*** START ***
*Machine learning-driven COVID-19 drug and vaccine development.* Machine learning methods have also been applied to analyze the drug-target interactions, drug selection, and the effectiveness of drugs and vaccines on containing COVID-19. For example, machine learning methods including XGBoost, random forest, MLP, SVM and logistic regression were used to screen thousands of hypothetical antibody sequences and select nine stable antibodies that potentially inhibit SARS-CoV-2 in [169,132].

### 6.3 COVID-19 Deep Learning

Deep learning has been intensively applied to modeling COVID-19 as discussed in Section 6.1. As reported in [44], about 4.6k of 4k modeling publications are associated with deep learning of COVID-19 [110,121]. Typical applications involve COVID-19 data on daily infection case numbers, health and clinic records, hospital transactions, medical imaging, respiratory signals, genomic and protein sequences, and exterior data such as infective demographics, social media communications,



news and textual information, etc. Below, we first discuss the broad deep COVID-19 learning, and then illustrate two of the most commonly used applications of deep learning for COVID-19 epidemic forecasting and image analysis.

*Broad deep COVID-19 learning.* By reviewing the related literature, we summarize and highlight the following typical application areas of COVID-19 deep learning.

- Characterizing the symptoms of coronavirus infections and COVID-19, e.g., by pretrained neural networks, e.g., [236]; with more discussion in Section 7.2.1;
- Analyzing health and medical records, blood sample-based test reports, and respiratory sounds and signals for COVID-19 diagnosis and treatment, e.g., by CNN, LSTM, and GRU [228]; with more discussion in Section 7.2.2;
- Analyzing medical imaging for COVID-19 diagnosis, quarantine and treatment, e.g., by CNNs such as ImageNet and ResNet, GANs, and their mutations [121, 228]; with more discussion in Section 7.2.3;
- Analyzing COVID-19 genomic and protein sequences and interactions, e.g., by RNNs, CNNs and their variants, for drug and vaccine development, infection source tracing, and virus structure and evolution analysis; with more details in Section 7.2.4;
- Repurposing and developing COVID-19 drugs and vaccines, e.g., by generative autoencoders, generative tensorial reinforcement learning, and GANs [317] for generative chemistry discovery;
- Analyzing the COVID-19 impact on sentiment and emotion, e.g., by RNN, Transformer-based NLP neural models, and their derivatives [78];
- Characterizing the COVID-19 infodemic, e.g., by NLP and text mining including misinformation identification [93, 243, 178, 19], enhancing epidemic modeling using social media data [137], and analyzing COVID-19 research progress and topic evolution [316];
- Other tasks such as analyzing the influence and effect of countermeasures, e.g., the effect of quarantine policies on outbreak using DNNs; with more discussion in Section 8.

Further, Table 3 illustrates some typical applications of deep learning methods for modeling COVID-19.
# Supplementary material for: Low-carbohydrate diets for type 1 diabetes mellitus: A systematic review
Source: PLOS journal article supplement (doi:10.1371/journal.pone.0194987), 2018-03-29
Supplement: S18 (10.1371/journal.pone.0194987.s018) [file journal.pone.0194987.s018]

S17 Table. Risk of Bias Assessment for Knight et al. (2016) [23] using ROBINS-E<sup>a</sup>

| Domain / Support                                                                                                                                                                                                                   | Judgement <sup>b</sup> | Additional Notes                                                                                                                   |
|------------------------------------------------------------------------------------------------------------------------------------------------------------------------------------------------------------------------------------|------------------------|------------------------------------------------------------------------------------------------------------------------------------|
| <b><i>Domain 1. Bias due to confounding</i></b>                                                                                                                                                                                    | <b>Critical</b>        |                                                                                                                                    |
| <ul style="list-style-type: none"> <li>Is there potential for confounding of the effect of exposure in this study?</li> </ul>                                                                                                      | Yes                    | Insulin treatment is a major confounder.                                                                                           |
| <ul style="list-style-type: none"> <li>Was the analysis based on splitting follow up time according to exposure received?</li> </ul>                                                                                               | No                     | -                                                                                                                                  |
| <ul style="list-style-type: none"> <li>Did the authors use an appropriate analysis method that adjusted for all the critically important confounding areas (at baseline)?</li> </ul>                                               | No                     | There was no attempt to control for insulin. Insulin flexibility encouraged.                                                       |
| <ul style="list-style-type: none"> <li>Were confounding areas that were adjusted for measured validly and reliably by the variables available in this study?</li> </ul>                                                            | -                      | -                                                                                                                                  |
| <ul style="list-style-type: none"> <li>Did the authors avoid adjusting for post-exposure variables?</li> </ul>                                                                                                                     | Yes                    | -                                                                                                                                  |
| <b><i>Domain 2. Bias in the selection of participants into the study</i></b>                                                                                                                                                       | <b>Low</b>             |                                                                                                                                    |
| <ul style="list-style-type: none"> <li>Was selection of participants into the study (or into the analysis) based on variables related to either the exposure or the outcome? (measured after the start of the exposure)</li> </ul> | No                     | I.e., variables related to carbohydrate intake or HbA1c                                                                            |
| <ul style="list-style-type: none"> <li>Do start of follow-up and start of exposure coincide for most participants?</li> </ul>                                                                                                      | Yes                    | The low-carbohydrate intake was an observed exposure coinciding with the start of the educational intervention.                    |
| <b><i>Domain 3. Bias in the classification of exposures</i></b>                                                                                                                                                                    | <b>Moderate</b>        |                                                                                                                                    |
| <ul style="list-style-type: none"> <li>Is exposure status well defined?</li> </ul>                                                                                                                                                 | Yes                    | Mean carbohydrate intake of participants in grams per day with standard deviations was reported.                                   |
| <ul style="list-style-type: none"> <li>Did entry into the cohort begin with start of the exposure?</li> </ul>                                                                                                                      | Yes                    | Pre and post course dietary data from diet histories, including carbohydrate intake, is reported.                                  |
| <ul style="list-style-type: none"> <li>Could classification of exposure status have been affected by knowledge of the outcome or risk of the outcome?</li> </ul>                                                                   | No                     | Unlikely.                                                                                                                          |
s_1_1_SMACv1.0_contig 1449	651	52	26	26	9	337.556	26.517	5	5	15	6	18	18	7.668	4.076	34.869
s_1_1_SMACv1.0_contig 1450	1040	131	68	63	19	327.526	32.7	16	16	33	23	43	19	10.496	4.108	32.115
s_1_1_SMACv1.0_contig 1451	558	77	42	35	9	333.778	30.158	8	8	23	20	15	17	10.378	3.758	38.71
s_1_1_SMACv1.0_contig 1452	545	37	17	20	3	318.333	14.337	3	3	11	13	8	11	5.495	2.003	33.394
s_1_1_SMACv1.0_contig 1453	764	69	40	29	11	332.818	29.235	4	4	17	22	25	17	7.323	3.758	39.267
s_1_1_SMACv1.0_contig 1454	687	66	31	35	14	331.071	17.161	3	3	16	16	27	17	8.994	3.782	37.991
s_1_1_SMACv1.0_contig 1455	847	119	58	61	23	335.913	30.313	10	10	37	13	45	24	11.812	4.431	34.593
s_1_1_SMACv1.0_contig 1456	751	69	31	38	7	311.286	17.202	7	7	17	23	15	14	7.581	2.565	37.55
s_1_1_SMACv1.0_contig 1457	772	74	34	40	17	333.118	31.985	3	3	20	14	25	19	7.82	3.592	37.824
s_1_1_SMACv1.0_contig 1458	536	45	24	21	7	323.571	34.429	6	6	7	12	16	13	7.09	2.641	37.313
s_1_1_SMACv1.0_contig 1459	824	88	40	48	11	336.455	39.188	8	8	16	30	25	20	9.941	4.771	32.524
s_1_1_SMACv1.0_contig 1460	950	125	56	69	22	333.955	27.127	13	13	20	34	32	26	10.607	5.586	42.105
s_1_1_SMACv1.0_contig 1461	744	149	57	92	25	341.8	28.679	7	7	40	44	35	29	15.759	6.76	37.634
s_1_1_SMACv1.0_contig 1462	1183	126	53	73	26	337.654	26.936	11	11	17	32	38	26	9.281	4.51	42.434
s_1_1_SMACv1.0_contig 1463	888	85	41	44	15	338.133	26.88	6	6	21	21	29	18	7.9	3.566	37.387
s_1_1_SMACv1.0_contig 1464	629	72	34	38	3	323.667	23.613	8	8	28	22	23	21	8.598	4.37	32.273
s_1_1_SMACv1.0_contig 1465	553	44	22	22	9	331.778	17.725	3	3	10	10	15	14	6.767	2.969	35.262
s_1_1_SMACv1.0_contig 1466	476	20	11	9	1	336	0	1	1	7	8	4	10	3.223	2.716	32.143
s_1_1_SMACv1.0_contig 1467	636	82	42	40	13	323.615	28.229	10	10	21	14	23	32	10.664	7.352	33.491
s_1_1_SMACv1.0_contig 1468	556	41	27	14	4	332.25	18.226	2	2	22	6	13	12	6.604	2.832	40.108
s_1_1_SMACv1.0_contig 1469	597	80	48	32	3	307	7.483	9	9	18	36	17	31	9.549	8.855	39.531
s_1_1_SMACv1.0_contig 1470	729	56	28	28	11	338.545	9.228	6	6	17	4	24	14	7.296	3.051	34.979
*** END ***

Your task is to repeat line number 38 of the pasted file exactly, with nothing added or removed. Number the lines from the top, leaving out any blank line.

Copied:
s_1_1_SMACv1.0_contig 1453	764	69	40	29	11	332.818	29.235	4	4	17	22	25	17	7.323	3.758	39.267